House Upon the Rock

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Daily Office Readings for Friday, May 11, 2018:

 

AM Psalm 85, 86; PM Psalm 91, 92
1 Sam. 2:1-10; Eph. 2:1-10; Matt. 7:22-27

 

Today’s Gospel reading is one of those that, if you’d ever spent any of your youth in Sunday School, or Vacation Bible School, or church camp, you can’t help but start singing “The wise man built his house upon the rock” to yourself. (and check out these really cute kids lip-synching it in the link!)

 

I imagine if that song was ingrained in your childhood memories, you might even have caught yourself doing the hand motions as you sang it.  Isn’t it something how we might not be able to remember what we ate yesterday, but those hand motions come flying out of our brains?

 

It’s a testimony to how the theology we sing stakes itself into a deeper place than the theology we say or read or think…and how the connections we make with God through hymnody run deeper than anything anyone’s ever said in a sermon.

 

I was reminded of that a couple of Sundays back to back recently.  All of a sudden, as we were singing the opening hymn, “God is love”, I realized the last time we’d sung it was at the funeral of a parishioner…and I immediately looked over at her surviving spouse in the pew to see how he was holding up with it.  We talked a little after church, and I could tell he appreciated my acknowledging how it was tough for him.

 

I wish I could tell you it was because I had great pastoral skills, but honestly, it was on my radar because the week before, we sang “The king of love my shepherd is”, and it was a song that carried a lot of emotion for me because we sang that at my mom’s funeral, and at my ordination to the priesthood.  Walking through my own emotions with a hymn had sensitized me to connect with someone else’s pain in a similar situation.

 

Church is one of the last places on the planet where we are given free rein to sing in public, whether we’re good at it, or can’t carry a tune in a bucket, or somewhere in between…and I believe hymnody is one of the places where we drill into the foundation of building our house upon the rock.  The human need to sing is one of those things that still mystifies anthopologists and sociologists to some degree, and it’s unclear what, if anything, was an evolutionary advantage in human song. Yet what we do know is that it is a collective password to our humanity, and we feel and express emotion differently through song than we do through words.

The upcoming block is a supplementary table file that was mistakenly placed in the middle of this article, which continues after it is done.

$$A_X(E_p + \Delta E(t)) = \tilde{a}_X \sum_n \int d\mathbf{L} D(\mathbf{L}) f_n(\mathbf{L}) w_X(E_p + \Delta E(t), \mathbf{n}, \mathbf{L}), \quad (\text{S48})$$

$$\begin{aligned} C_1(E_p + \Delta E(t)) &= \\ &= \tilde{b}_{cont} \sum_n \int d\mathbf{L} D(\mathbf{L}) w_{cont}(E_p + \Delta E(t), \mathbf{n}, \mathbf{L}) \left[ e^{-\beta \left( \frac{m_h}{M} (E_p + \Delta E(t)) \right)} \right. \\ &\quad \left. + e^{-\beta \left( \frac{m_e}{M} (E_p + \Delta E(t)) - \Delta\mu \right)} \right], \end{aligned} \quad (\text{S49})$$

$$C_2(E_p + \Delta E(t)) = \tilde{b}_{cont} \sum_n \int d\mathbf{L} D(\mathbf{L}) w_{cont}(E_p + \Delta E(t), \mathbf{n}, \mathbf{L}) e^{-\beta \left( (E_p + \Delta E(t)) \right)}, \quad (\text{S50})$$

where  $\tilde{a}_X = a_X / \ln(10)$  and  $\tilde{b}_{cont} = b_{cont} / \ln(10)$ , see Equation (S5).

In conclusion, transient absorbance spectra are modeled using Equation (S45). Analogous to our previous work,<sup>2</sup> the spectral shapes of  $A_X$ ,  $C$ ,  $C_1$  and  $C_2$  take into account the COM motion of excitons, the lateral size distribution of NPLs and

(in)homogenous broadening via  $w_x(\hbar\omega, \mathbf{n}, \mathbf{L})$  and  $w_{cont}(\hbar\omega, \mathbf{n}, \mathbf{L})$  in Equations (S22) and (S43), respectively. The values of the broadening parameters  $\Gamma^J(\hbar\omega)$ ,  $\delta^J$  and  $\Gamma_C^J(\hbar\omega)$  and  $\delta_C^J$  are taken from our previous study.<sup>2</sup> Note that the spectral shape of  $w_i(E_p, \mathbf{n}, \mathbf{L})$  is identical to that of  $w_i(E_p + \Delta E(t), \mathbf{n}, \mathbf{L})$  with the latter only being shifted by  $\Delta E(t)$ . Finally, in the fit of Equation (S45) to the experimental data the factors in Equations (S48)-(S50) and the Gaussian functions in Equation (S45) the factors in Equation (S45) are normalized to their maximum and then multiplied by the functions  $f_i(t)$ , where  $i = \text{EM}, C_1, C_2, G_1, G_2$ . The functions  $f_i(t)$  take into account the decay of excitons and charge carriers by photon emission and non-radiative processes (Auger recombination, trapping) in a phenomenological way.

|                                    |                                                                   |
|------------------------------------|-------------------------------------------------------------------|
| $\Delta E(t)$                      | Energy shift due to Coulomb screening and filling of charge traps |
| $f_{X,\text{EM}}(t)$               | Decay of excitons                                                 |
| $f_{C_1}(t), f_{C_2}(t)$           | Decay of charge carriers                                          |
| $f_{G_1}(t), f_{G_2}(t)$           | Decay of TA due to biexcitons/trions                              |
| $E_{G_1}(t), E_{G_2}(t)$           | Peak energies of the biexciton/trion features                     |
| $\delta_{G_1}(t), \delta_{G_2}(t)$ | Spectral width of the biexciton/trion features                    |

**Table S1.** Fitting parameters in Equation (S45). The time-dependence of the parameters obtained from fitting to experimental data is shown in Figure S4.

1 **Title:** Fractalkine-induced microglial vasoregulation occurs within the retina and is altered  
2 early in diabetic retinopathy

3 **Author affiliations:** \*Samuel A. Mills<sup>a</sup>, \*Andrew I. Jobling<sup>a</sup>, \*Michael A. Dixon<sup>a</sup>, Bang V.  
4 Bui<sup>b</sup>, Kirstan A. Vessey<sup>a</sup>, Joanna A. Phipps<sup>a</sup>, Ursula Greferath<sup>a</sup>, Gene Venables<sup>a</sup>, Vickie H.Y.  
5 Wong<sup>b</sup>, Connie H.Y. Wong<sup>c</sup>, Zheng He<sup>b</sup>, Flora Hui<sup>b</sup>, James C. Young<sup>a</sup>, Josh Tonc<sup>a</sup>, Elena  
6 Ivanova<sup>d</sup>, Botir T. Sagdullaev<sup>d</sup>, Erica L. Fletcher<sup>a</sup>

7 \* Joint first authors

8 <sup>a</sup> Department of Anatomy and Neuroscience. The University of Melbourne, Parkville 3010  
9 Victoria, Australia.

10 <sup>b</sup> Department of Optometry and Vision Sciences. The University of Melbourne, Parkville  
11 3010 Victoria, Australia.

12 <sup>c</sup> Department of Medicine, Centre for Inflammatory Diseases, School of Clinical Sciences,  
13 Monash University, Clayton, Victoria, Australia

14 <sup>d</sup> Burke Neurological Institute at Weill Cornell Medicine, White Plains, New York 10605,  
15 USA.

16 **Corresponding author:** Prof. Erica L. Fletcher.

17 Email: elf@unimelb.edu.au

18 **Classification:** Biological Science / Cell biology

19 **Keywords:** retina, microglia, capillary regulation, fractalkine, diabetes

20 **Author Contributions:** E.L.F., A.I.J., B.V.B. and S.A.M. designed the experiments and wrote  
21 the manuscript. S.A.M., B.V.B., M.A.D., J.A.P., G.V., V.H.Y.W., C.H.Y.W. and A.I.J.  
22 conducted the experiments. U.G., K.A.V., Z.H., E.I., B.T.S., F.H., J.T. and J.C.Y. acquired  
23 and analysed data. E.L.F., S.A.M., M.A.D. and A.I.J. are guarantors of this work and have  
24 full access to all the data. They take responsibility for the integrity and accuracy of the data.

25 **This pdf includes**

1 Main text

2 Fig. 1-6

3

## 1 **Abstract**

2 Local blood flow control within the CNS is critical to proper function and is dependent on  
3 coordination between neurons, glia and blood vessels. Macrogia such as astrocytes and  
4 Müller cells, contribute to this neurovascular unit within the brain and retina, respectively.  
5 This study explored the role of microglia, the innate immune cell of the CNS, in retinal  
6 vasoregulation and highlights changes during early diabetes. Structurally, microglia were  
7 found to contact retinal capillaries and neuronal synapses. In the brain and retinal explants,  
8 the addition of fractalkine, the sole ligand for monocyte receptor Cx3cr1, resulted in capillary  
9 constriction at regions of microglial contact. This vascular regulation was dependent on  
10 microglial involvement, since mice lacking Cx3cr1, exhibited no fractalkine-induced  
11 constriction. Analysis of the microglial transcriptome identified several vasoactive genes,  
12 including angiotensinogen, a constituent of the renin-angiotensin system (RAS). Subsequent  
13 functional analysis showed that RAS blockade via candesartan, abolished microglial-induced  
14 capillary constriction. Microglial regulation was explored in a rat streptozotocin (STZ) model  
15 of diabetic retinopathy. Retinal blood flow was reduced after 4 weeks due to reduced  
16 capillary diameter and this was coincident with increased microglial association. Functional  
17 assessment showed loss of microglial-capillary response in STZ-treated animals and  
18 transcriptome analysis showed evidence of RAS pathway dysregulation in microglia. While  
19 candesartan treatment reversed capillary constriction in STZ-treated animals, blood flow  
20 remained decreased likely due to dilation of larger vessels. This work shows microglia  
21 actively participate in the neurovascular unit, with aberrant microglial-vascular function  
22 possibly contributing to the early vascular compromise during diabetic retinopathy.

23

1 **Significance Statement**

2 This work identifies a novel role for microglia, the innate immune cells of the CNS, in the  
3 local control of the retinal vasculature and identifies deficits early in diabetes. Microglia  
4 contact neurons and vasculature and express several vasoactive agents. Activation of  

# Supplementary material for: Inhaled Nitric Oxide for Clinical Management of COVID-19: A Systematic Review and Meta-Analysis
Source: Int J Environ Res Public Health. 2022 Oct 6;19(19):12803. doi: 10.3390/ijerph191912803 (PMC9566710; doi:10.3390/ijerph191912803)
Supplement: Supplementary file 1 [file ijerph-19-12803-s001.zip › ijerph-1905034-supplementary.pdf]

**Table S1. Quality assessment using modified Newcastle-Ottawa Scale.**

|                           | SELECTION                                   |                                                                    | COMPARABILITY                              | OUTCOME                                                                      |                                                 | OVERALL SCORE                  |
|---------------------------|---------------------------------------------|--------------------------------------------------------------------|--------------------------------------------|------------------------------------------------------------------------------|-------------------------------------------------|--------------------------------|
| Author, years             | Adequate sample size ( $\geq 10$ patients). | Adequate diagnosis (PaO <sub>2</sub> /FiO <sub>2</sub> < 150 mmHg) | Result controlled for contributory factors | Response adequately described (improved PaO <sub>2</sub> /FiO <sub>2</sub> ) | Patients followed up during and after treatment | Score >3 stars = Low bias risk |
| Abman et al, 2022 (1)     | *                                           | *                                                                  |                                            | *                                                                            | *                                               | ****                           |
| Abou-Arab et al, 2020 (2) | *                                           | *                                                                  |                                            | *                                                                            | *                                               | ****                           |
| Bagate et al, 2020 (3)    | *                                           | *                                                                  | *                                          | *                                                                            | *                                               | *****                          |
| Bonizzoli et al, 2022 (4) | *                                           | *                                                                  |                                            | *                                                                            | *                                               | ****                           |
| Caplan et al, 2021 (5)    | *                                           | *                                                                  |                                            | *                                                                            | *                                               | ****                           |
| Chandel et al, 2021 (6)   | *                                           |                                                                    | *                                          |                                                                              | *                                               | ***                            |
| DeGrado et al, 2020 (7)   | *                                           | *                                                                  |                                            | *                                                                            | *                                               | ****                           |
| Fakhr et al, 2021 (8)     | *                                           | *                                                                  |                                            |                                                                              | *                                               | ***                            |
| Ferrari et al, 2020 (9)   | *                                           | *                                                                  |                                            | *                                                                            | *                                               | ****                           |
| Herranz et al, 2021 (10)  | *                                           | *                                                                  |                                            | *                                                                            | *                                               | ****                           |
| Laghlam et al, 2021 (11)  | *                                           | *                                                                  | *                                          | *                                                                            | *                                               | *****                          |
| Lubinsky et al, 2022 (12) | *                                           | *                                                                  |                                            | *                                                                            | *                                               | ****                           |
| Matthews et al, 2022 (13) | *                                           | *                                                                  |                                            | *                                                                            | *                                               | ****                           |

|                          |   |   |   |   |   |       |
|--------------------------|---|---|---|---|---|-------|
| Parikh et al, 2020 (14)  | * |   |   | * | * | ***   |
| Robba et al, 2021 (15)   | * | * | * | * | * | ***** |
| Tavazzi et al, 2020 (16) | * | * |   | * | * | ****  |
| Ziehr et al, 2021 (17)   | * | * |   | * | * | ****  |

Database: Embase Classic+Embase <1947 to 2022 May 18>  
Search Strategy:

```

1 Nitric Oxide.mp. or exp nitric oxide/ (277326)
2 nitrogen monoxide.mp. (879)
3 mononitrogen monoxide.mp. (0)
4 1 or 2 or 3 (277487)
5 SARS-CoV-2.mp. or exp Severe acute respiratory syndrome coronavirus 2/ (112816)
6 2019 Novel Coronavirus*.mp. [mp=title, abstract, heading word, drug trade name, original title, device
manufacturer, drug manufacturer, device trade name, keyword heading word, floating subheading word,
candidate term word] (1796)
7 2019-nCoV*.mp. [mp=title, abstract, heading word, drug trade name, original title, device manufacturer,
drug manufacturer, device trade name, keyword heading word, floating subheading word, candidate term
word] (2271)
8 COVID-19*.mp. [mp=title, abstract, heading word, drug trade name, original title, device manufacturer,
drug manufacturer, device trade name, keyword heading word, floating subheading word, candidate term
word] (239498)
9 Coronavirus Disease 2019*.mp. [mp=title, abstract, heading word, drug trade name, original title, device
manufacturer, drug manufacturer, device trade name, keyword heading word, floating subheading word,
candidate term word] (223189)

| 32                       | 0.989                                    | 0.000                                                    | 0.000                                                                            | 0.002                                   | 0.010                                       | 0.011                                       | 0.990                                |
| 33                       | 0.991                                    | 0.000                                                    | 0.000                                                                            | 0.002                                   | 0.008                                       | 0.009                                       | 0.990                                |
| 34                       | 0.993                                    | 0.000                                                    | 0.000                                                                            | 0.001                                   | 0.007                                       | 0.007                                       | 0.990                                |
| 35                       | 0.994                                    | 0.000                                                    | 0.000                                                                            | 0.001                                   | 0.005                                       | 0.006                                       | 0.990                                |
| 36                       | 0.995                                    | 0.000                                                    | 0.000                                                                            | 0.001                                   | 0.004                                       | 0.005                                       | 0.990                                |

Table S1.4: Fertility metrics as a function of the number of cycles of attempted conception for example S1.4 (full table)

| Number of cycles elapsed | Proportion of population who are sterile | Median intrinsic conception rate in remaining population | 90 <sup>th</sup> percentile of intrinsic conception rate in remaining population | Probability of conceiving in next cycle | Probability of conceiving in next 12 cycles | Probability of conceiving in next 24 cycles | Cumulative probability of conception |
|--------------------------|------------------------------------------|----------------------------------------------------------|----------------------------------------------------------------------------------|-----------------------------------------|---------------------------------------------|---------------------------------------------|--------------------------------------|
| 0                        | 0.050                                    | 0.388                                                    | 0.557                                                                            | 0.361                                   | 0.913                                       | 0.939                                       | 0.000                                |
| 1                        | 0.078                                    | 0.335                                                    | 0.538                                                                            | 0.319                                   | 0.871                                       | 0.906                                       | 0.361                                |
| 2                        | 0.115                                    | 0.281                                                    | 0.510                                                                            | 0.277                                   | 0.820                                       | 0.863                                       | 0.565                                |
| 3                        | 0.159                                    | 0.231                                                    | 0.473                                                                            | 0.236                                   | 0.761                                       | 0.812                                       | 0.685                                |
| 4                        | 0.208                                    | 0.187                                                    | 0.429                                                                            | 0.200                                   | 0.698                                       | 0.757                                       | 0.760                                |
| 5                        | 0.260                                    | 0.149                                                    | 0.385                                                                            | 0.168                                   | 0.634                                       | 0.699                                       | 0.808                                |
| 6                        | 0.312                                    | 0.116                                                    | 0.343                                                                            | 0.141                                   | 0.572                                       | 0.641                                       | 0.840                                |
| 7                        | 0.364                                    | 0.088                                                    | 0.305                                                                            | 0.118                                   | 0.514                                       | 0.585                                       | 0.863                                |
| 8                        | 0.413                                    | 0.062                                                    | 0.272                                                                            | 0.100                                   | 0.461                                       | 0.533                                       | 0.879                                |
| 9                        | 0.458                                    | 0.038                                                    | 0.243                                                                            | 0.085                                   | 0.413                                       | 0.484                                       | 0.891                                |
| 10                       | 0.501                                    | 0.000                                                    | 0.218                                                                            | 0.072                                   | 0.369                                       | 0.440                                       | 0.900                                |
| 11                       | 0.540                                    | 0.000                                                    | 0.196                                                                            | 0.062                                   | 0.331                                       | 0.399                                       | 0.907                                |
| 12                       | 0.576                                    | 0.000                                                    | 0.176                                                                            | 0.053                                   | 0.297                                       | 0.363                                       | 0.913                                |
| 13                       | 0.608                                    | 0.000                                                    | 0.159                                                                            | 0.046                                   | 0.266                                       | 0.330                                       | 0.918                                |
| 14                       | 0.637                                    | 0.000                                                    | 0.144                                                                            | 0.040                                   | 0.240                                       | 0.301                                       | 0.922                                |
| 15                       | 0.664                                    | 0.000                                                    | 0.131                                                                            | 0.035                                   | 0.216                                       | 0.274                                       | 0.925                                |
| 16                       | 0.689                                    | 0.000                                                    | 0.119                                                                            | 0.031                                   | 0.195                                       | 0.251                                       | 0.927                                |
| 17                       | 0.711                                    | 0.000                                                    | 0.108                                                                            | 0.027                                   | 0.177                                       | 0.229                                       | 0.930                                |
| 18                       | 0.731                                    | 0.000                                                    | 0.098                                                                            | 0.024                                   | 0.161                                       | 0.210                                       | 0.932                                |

Many of us, over the years, were told by well-meaning parents and teachers that somehow, our singing wasn’t good enough.  “Just hum.” “Just move your lips.” Many of us were taught at a very early age to stifle this means of expression, and fall into the delusional trap that singing is best left to professionals.

 

Yet, I don’t believe it’s an accident that singing takes up a good deal of column inches in the Bible—whether it’s a whole book of songs (the Psalms), the Song of Solomon, or accounts of singing, like when Miriam picks up her tambourine and accompanies Moses and the Israelites as they sing praise to God for delivering them from Pharaoh’s army.  I don’t think it’s an accident that monks and nuns chant in their daily worship, and I don’t think we stumbled into hymnody as a hallmark of the Anglican style of worship. Singing, I believe, opens us up to a deeper foundation in our relationship with God, and connects our house even tighter onto that rock.

 

If our singing is good enough for our shower stall, it’s good enough for God—so sing away!

 

What song or hymn bonds you to God’s love in a way no book or sermon ever did?

Maria Evans splits her week between being a pathologist and laboratory director in Kirksville, MO, and gratefully serving in the Episcopal Diocese of Missouri as Interim Pastor at Church of the Good Shepherd and Chaplain of the Community of St. Brigid, both in Town and Country, MO.

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